In earlier prints, I really liked the effect of backgrounds printed in layers through mesh as a stencil, creating interference type patterns.
I wanted to explore this further using the whole plate, and placing geometric stencils over each layer. I wanted to retain the interest created by different densities of the colours, but still have a strong design. I saw this as a balancing act between exactitude and happenstance, a solid background but which still showed some variation of colour density. My original print had been done using a gelatine plate and open acrylics, which are very transparent, so I decided to stick with that medium. I explored shapes in my sketchbook but rapidly concluded that my stencils had to be very simple shapes.
My first attempt used triangle stencils on three layers. I registered the stencils using a grid drawn under my transparent plate, but it wasn’t clear enough through the rolled out paint. I also didn’t get the background smooth enough, using my hand to press the back of the paper. However, this introduced an element of ‘back drawing’ to explore. Parts of the background did produce the ebb and flow of colour combinations I was looking for.
I decided to use a linear stencil where I could mark its position at the edge of the plate. I also experimented in this print using heavy body transparent inks to see if I could get a richer colour mixture. I thought the effect was quite interesting, but I preferred the very transparent paint in, effectively, process colours.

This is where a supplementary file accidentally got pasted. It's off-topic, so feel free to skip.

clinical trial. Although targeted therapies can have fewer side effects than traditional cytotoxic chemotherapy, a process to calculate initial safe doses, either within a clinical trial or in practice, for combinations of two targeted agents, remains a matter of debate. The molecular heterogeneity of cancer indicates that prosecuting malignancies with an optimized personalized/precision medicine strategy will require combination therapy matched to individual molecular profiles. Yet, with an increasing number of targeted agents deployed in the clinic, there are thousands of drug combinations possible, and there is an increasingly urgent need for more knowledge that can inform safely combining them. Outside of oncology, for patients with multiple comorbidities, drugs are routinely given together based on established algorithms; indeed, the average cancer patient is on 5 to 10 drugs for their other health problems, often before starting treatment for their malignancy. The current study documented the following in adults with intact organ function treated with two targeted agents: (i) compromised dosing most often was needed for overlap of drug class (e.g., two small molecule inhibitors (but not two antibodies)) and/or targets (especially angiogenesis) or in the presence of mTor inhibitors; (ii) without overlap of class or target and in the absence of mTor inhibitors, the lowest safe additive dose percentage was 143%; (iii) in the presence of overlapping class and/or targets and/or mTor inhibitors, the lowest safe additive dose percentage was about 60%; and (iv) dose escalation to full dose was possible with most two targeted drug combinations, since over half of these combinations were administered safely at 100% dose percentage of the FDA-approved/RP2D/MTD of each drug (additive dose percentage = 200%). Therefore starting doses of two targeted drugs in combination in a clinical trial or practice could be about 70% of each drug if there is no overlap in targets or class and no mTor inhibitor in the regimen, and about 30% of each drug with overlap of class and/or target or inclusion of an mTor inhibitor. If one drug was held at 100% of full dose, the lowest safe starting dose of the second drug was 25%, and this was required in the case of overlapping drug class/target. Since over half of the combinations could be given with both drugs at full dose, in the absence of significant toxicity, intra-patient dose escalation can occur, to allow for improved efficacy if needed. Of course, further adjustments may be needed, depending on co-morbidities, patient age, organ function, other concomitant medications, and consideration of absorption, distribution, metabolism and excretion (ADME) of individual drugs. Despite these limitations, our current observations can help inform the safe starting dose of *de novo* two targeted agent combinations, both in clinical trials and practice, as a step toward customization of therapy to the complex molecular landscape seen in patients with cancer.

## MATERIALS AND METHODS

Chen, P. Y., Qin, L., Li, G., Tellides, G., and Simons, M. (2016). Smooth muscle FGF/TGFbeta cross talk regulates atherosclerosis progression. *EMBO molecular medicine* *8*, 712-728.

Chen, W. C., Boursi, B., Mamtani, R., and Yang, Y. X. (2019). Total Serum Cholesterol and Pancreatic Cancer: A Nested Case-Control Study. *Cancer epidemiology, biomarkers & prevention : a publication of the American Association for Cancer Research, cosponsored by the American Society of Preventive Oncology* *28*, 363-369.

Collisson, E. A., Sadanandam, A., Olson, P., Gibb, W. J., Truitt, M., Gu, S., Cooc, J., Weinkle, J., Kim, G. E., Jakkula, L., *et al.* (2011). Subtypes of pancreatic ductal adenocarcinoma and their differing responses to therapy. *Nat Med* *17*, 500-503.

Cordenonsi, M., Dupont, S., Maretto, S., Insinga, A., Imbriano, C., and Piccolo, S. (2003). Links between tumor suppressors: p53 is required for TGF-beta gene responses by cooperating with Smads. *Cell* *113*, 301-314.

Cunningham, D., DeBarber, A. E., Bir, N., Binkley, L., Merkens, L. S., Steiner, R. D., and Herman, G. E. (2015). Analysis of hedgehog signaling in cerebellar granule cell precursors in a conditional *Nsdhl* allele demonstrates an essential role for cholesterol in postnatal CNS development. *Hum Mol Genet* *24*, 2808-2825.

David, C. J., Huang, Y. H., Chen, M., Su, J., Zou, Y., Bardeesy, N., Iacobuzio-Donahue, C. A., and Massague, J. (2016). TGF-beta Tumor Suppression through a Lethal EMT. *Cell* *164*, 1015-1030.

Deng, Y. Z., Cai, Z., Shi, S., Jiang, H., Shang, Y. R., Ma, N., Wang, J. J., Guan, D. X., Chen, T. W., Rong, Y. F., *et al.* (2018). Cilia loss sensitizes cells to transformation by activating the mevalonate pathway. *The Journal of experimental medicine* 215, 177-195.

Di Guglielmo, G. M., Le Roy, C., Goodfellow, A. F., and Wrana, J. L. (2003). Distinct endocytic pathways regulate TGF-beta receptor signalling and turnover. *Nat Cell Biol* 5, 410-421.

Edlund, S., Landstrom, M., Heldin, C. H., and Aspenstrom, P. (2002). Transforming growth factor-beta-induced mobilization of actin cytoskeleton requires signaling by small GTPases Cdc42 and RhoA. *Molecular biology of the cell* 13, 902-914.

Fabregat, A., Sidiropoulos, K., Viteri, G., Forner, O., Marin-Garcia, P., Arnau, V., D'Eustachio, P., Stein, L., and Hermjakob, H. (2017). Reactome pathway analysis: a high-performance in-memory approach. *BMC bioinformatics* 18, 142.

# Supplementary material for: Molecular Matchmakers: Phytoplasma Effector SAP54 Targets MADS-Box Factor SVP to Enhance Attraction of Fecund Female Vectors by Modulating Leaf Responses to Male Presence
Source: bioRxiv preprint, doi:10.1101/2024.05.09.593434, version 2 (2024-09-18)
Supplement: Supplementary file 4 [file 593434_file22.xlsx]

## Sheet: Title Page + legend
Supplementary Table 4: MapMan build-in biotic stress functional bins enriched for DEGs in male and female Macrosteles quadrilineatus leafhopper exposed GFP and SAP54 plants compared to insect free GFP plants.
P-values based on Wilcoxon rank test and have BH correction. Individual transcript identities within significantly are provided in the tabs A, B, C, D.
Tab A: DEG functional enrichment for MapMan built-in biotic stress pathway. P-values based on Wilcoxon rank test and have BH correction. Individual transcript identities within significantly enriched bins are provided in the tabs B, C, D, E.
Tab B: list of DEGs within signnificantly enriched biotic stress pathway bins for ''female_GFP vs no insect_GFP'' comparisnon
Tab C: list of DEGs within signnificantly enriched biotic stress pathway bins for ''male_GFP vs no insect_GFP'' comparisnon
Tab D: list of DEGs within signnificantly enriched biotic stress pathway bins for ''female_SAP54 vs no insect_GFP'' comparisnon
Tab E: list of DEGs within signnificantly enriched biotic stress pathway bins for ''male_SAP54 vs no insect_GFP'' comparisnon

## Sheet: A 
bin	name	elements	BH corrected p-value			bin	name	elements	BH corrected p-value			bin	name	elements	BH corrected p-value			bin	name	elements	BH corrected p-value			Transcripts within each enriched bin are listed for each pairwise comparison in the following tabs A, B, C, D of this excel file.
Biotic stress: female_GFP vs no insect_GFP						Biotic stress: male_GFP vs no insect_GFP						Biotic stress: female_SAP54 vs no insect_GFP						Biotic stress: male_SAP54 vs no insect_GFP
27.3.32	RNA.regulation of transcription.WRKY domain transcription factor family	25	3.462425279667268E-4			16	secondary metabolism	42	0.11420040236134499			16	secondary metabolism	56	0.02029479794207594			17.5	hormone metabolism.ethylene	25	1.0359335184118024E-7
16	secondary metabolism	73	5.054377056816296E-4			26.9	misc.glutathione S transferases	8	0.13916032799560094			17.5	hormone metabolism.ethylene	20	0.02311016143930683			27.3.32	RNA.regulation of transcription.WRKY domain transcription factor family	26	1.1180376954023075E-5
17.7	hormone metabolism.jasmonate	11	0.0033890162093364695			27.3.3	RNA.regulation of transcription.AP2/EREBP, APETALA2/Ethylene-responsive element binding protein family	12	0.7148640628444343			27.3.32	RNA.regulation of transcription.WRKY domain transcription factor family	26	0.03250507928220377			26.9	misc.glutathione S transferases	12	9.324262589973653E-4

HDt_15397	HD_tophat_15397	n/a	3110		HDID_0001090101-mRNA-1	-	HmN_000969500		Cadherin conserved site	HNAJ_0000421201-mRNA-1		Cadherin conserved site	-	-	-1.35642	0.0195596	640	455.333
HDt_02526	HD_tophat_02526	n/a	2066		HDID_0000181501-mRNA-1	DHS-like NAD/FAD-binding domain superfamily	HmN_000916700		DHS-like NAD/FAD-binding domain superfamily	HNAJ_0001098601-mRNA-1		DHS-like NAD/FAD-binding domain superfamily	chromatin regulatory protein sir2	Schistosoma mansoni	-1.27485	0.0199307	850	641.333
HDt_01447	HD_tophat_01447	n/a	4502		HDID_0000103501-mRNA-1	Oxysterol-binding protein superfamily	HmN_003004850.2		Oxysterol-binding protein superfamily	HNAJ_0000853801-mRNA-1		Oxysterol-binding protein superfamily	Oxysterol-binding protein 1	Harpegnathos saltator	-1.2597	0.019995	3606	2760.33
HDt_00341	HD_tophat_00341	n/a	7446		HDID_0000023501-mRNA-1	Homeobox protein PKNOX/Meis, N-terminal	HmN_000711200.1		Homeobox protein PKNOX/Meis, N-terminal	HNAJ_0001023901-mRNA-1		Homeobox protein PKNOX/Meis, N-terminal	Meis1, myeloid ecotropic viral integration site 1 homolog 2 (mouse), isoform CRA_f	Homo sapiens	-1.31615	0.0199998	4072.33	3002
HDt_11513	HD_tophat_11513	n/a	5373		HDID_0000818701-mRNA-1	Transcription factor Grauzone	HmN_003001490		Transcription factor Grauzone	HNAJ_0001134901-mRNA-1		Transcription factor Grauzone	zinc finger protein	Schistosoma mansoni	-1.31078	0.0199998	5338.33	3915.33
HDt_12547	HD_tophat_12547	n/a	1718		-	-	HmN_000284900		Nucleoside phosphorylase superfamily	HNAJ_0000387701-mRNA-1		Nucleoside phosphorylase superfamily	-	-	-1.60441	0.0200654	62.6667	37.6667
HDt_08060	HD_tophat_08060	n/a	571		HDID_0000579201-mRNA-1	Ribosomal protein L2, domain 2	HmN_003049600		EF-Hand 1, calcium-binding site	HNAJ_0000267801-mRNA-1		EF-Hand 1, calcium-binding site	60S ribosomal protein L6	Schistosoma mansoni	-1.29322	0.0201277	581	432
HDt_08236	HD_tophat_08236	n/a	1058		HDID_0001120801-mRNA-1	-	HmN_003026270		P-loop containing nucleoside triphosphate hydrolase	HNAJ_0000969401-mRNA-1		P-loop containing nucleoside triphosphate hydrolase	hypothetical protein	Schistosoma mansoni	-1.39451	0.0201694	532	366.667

This has the the coming together and breaking up of the background patterns I was looking for, without being too solid. It looks rather like a digital effect but has a paint texture and presence on the paper.
For my next development, I inked my plate and placed the net over it, and then draw on the back of the paper with the roller handle. I repeated this in the three colours. I aimed for a very simple abstract design, because of everything going on with the colours and mess. On some of these prints I only used the mesh on one or two layers.
I quite like the organic effect of these but I am not sure they have enough substance as prints.
Going back to my original idea, I next used geometric stencils which could be placed without registration issues. In the first of these prints, I tried to make sure that the stencils overlapped on successive layers, to leave white areas and generate all possible colours. I wanted the background solid but with some variation. I think I achieved my objectives, but I am not sure the print is strong enough. In the print on the right, I used four rectangular stencils and torn pieces of mesh. I think that this has created a more interesting, less contrived print. I was quite tempted to use this as a background for a figurative shape printed through a stencil, but I have decided that I like it as it is, and that would have taken me back to where I started.
I think that this was a very interesting experiment. The results were very hard to control.
- bright colours
- easy registration printing through a mask
- colour mixing using transparent paint
- the almost digital nature of the prints combined with the physicality of the paint
- these are completely different in character to my other prints in this project
I don’t like:
- the process is very hit and miss; I wasted much time, paper and ink to achieve these few prints, but then that’s monoprinting
- I think the design element is lightweight
- need to use thin paper, which can crease as you lift it off the paint
I think it would be interesting to try this effect digitally. I could scan the mesh in different orientations, make each image a CYM layer and experiment combining them with mask layers etc in Photoshop or equivalent, playing about with positive and negative. This would be right at the edge of my photo processing experience. I could also develop the idea of the linear stencils with paper cut into wave shapes.